So really, as a rough rule of thumb, 60 & 45 (1950s) seem to be common lengths, but there were many factors involved and deviations from this for various reasons.
     
  22. Dr_Paul

    Dr_Paul Member

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    When I was working with ex-BR 60' track on the Ffestiniog Railway, I think it was around 75lb/yard, we could carry a rail around quite easily with eight of us using four sets of tongs. Any fewer than that would have been rather hard work for us, so we didn't try it.
     
  23. Rob F

    Rob F Member

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    There are (or were) some short rail lengths on the St Ives branch in Cornwall, on the only straight section of line behind Porth Kidney sands. I could never tell if the lengths were really short or if the joints were offset on each side.
     
  24. Elecman

    Elecman Established Member

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    There won’t be 1800 sleepers per chain (220yards)!!
     
  25. Ploughman

    Ploughman Established Member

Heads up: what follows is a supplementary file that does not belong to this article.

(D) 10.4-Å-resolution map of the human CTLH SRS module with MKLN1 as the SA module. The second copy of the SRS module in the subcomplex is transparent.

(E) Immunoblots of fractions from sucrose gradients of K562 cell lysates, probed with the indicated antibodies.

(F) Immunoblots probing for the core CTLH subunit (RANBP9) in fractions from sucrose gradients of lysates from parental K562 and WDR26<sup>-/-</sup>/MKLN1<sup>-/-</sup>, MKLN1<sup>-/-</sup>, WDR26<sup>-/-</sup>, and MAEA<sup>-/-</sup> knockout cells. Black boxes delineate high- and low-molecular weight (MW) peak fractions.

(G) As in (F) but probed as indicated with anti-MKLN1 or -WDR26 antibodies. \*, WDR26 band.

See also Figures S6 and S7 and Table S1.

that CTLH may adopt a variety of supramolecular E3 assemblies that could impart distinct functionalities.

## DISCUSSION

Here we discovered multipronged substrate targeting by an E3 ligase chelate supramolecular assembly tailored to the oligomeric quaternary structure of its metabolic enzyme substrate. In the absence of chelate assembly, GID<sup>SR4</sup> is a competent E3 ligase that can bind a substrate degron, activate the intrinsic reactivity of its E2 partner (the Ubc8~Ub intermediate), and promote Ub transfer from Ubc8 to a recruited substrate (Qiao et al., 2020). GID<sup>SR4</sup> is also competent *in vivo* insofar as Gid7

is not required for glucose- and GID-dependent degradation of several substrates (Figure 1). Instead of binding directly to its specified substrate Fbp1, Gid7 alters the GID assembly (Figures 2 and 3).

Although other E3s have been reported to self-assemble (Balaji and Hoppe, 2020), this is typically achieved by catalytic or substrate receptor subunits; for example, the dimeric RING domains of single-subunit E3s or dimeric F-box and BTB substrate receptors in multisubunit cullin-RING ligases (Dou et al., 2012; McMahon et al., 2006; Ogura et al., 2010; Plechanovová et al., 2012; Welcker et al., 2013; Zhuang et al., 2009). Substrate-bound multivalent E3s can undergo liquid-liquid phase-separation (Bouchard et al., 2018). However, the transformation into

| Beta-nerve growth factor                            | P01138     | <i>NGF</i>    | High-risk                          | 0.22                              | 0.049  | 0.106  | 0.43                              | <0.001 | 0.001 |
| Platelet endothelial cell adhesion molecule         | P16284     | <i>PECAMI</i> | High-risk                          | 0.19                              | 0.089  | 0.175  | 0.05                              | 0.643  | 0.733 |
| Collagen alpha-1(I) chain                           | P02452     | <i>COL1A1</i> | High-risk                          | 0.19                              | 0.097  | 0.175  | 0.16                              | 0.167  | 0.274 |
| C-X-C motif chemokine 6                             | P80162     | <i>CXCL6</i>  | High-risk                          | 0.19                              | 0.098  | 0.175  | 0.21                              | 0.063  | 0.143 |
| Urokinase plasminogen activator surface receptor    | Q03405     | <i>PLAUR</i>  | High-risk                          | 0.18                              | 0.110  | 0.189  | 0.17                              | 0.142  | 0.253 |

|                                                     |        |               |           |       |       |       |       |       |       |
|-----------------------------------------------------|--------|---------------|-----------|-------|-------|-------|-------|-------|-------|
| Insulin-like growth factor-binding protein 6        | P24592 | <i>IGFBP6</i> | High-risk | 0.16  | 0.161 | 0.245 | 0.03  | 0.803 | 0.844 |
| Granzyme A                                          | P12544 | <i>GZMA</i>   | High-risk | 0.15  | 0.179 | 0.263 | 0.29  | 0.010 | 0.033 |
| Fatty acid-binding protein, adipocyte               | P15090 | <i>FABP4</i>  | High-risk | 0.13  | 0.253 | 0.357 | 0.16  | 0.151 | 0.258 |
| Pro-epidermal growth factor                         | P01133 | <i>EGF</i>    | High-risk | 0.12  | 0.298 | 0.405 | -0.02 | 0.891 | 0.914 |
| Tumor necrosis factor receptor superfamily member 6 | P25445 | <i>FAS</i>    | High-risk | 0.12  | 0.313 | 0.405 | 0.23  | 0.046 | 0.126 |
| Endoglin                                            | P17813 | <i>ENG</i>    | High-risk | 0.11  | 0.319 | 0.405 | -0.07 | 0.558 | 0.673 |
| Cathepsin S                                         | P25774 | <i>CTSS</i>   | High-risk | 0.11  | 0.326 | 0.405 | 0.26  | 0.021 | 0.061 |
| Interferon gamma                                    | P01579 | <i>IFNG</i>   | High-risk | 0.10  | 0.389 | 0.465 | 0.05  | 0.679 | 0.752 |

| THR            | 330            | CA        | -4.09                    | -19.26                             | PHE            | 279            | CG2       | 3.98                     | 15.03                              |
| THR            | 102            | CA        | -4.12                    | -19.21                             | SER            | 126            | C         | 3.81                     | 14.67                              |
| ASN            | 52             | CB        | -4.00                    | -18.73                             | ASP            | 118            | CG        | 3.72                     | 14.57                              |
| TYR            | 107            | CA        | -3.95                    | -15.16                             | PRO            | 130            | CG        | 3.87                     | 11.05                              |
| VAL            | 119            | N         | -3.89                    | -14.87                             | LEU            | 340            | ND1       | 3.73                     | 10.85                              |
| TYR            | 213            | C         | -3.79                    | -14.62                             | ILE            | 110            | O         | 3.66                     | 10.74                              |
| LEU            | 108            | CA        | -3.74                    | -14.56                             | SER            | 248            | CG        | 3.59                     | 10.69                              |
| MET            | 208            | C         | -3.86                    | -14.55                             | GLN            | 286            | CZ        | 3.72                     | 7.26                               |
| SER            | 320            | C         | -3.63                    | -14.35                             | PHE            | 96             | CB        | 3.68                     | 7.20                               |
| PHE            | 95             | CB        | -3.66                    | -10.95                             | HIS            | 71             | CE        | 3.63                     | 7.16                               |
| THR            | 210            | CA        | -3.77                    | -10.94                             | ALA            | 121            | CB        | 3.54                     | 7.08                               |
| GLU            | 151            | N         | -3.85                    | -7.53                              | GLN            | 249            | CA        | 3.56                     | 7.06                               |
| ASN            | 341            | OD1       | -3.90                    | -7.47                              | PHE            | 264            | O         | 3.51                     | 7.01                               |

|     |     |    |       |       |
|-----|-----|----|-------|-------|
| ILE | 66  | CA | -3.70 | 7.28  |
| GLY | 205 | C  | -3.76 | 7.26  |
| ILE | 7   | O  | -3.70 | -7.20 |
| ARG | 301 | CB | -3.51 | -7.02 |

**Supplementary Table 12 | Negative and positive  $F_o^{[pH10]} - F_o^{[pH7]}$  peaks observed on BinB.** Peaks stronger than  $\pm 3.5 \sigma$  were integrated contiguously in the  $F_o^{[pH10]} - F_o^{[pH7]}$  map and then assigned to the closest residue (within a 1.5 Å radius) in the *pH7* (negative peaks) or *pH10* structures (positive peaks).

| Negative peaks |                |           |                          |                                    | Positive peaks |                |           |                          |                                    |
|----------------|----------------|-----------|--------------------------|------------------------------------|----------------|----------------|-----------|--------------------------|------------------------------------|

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    In answer to the original post
    A mileage of 9m 284yds would need 1612 60ft / 18.288m Rails
    Sleepers at 26 / length = 20952
    Sleepers at 28 / length = 22569

    As a personal note on the NYMR we originally relaid Concrete sleepers by hand in the early 80's, using the correct lifting handles.
    This was an 8 man lift per concrete sleeper. 4 man for timber.
    I also seem to remember lifting in some rails by hand from the sleeper end into the baseplates without using bars at 20 men.
     
  26. alxndr

    alxndr Member

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    I always wondered about this after reading Signalman's Twilight where someone is described as walking in a "heavy, ponderous way, his stride long and slow after a lifetime spent walking the sleepers and his hobnailed boots with their bent-up toecaps crunched slowly" as the walk of a modern day patroller is very different and staccato.
     
  27. Andy873

    Andy873 Member

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    My mistake, meant to say 1800 per mile!